By Doug Peters, Watershed Planner, Washington State Department of Commerce
There is growing awareness of the potential risks associated with another Cascadia subduction zone seismic event. We expect large-scale destruction of existing infrastructure, which will not only be very disruptive to human society, it will present new opportunities to reconfigure our current shoreline infrastructure to reduce impacts to habitat forming ecosystem processes. There are numerous habitat problems caused by our current shoreline infrastructure. These include shoreline armoring, which can destroy beach structure and eliminate areas for forage fish spawning and predator evasion; railroads and roads that both block sediment supply from feeder bluffs but that also get blocked from regular landslides; docks and piers that block sunlight and increase predation impacts on smaller fish; and stormwater outfalls delivering pollutants to the nearshore.
Sea level rise (SLR) will affect some shoreline areas even without any seismic impact, and if SLR is coupled with the seismic event impact, it will likely result in significant damage to current shoreline infrastructure. Scenarios can be developed ahead of time that allow for creative consideration of infrastructure redevelopment and abandonment options that work synergistically to support and sustain natural habitat-forming processes. Advance planning for possible alternatives to address both shoreline infrastructure and habitat should significantly reduce the time and effort needed at the time of the seismic event. It also allows for collaborative development of alternatives with potential for multiple benefits, promoting a more sustainable shoreline environment.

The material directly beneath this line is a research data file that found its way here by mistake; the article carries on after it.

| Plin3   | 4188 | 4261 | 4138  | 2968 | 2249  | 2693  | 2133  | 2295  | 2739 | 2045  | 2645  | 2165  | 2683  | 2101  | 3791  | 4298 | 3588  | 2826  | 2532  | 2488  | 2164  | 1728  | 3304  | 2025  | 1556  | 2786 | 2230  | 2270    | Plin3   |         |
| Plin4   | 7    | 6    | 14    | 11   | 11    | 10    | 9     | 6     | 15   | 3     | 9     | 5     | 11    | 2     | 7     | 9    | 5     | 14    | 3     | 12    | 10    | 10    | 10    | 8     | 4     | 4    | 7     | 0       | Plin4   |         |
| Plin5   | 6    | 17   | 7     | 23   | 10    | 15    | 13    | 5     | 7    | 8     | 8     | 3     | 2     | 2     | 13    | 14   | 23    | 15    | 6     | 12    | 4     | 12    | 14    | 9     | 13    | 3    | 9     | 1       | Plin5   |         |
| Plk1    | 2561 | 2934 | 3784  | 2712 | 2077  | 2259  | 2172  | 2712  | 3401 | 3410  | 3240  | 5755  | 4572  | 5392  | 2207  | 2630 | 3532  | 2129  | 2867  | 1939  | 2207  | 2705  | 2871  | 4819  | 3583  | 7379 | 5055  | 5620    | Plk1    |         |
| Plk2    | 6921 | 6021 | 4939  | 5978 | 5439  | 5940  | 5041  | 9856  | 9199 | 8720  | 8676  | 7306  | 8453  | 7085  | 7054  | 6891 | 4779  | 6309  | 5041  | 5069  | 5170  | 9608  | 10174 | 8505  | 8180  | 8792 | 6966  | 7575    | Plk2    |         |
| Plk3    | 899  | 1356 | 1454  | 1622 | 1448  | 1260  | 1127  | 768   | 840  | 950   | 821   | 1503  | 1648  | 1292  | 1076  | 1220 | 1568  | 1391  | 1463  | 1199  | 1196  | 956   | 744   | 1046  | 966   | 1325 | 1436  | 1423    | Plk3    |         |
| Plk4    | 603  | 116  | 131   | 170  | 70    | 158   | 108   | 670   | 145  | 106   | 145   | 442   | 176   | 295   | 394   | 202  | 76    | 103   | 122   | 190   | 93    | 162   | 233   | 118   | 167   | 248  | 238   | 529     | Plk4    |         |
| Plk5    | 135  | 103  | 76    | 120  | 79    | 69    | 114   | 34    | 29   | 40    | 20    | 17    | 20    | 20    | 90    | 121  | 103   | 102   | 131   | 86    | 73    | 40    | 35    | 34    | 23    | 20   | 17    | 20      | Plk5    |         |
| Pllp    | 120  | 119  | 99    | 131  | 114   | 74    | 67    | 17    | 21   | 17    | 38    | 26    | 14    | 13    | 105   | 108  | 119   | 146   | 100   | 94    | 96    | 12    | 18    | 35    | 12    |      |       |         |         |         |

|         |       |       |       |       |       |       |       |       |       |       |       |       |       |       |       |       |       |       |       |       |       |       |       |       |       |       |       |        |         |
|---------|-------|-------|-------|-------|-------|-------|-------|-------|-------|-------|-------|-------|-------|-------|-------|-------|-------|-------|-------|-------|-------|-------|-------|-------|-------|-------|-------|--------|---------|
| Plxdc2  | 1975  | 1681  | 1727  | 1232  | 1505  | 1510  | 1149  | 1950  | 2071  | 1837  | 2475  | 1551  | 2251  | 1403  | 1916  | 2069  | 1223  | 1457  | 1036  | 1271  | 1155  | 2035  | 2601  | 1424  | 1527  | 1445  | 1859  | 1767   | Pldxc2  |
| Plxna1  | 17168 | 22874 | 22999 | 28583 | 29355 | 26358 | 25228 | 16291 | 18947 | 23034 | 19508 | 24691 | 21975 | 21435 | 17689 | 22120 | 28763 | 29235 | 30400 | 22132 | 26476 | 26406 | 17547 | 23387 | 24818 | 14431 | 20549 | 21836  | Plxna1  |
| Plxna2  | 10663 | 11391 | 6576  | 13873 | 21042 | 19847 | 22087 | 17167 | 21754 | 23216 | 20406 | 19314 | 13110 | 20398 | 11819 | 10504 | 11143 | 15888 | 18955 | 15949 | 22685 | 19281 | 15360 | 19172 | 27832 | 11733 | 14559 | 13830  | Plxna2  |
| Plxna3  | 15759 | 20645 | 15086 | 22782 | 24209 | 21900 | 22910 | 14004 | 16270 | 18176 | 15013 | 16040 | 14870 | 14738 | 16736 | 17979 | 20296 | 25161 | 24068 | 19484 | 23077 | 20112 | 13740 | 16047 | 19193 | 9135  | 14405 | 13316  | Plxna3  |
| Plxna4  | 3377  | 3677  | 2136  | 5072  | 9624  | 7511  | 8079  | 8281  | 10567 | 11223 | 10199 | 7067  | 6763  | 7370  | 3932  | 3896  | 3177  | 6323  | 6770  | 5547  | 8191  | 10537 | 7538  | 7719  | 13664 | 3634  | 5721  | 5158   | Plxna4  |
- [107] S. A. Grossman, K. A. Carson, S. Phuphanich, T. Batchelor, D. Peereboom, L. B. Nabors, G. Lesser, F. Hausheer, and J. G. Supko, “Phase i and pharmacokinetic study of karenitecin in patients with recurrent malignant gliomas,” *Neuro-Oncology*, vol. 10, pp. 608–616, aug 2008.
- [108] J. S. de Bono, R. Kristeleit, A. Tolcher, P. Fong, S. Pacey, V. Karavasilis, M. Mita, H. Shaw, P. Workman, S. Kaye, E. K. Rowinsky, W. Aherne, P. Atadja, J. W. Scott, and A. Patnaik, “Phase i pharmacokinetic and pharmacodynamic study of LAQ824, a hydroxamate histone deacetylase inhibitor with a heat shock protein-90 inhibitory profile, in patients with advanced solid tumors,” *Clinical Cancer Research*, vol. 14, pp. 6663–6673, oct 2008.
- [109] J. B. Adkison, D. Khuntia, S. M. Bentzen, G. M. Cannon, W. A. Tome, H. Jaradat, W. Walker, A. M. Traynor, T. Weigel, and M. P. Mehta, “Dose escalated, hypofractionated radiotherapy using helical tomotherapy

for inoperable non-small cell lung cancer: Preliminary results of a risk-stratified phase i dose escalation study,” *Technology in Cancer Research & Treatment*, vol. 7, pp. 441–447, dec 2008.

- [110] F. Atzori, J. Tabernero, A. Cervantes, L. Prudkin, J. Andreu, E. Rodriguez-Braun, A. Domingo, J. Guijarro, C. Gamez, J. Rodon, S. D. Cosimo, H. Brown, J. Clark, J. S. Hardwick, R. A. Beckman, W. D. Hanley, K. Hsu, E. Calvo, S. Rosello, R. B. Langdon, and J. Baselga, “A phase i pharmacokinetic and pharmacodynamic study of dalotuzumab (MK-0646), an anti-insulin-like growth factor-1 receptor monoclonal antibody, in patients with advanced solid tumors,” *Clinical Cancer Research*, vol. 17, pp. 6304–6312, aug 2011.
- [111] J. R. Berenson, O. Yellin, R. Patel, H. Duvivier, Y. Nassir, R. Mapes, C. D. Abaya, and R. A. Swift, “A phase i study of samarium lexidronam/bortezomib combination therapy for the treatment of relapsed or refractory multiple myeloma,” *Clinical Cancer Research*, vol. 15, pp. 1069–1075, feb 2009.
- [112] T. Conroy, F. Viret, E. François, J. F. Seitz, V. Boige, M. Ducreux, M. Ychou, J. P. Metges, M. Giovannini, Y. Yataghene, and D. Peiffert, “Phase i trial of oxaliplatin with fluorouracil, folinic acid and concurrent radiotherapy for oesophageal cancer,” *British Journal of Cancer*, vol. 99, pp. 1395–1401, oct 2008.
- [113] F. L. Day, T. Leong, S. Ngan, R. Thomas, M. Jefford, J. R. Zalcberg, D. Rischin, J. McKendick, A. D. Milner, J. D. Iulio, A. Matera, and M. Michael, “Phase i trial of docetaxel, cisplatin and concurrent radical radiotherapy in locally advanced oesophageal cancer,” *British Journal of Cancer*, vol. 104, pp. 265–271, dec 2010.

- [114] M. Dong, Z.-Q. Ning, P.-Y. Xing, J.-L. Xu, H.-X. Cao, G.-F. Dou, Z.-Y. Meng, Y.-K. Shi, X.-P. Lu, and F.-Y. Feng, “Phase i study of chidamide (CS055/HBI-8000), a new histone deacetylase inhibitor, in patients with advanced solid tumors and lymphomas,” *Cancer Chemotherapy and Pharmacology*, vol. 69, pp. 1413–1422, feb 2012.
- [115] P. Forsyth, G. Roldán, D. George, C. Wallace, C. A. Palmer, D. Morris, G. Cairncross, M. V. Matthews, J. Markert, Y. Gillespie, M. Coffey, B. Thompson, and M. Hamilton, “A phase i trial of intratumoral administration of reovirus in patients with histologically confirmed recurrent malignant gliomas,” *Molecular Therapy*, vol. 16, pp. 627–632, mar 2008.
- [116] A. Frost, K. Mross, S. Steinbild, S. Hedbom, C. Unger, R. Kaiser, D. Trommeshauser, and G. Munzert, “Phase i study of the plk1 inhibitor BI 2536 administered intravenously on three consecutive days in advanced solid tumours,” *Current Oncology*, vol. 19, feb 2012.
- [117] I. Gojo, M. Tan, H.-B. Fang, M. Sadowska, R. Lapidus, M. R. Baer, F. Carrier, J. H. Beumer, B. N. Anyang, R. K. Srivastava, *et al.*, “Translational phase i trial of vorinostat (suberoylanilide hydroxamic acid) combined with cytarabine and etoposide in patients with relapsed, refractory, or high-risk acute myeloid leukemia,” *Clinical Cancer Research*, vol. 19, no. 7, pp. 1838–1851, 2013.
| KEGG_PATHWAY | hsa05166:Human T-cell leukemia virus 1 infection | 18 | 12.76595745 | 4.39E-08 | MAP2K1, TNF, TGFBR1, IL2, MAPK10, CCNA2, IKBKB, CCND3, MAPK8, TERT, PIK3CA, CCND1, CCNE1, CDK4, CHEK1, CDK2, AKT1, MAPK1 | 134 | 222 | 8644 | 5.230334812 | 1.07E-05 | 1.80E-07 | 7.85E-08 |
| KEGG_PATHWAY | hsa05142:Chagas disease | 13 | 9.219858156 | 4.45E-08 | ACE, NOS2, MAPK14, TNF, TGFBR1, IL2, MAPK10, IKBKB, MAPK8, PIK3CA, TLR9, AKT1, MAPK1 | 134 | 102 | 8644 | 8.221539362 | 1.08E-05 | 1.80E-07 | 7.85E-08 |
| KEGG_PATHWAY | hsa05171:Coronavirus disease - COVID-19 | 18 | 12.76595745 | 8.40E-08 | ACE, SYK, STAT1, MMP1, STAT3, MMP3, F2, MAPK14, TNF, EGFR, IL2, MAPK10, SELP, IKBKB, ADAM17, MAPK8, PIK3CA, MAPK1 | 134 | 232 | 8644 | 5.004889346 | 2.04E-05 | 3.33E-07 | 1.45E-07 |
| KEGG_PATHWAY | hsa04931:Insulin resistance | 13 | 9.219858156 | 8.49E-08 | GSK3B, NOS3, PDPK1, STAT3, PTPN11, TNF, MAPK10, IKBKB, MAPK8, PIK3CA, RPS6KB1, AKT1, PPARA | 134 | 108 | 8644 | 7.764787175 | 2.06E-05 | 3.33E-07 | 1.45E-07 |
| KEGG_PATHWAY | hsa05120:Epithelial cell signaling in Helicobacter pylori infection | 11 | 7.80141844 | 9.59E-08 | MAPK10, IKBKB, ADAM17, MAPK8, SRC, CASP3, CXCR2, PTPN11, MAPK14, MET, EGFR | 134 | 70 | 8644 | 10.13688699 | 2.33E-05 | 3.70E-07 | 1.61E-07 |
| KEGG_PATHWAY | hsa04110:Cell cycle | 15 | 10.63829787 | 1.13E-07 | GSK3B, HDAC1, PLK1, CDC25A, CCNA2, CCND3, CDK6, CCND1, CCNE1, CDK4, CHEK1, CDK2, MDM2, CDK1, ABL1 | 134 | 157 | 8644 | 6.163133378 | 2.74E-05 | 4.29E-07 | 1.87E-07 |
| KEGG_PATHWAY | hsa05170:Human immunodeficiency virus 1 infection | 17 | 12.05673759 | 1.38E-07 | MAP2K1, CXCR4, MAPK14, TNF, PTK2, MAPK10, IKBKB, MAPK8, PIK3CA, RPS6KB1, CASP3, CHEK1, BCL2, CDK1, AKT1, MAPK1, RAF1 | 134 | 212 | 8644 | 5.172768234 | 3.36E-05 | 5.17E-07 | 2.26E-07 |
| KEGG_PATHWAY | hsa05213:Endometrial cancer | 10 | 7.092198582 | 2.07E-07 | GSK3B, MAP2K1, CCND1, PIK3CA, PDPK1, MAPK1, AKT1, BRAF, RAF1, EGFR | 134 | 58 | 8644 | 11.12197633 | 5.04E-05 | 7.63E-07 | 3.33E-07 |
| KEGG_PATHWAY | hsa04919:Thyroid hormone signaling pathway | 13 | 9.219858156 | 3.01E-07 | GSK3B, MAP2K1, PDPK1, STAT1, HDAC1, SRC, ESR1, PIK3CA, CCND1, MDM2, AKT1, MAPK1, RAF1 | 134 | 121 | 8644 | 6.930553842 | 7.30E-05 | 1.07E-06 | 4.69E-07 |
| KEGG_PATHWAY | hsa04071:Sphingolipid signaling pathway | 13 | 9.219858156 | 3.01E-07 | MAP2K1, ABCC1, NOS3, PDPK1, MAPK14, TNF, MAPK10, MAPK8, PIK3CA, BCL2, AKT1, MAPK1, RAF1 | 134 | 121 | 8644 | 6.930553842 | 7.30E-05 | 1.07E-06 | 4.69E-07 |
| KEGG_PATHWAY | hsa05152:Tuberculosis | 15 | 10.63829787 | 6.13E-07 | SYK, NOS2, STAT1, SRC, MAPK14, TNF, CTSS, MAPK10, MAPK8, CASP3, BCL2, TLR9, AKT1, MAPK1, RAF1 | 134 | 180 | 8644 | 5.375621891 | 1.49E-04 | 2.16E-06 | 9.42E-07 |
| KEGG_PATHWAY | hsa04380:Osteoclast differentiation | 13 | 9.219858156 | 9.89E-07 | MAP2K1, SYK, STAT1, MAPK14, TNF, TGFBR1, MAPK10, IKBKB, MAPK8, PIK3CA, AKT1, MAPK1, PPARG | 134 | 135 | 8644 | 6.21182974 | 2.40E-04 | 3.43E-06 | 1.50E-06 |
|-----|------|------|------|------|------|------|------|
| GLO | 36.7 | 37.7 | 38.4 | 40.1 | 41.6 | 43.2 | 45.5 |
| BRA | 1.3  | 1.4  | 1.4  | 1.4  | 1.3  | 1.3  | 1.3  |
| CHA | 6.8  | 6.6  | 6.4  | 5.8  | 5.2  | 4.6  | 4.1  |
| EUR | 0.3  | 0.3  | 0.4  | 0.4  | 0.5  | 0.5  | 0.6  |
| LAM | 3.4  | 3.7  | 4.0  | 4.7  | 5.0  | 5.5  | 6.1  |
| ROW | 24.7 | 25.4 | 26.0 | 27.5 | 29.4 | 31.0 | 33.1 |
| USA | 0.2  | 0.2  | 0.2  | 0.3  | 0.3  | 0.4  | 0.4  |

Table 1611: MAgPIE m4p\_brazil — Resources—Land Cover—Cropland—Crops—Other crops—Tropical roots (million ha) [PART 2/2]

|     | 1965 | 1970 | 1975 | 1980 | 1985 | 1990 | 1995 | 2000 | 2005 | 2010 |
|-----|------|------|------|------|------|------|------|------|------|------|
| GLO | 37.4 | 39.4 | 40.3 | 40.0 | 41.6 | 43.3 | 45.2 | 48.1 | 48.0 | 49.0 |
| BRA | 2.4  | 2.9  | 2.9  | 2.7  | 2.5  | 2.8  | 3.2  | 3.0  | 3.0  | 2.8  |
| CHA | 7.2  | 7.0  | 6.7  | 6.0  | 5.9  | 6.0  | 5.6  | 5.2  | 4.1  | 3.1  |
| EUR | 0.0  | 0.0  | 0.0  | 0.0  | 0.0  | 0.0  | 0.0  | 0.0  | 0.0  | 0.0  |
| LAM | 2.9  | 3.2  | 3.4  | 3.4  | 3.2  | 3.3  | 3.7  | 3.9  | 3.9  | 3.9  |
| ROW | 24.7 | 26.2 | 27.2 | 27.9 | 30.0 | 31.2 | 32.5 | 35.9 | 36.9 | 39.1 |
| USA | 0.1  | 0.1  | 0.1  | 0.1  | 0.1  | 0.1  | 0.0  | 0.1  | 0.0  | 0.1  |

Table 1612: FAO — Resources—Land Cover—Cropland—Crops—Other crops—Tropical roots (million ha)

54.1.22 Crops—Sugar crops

To propose options for shoreline infrastructure retrofits and relocations, we could use the motivation of the impending subduction zone seismic event while focusing on desired and possible habitat restoration options. We could also use existing data on known shoreline areas with priority habitat and existing evaluations of at-risk shoreline infrastructure to discover priority geographies for potential future restoration efforts. But to do that, we need criteria to evaluate both current and potential habitat functions and values, and we need different possible future scenarios to include varying scales of potential habitat restoration, as well as options for removal or relocation of damaged infrastructure. The goal is to develop multi-benefit options for consideration in local and regional land use plans.
Using existing information on shoreline area habitats and shoreline infrastructure, an approach to multi-benefit infrastructure relocation and habitat restoration could include these steps:
Evaluating the likely seismic damage scenarios and planning for strategic relocation of damaged shoreline infrastructure offers opportunities to restore degraded shoreline habitat. Advance planning can establish some basic understanding of the potential options available for both minimizing threats to life and property and for restoring degraded habitat.
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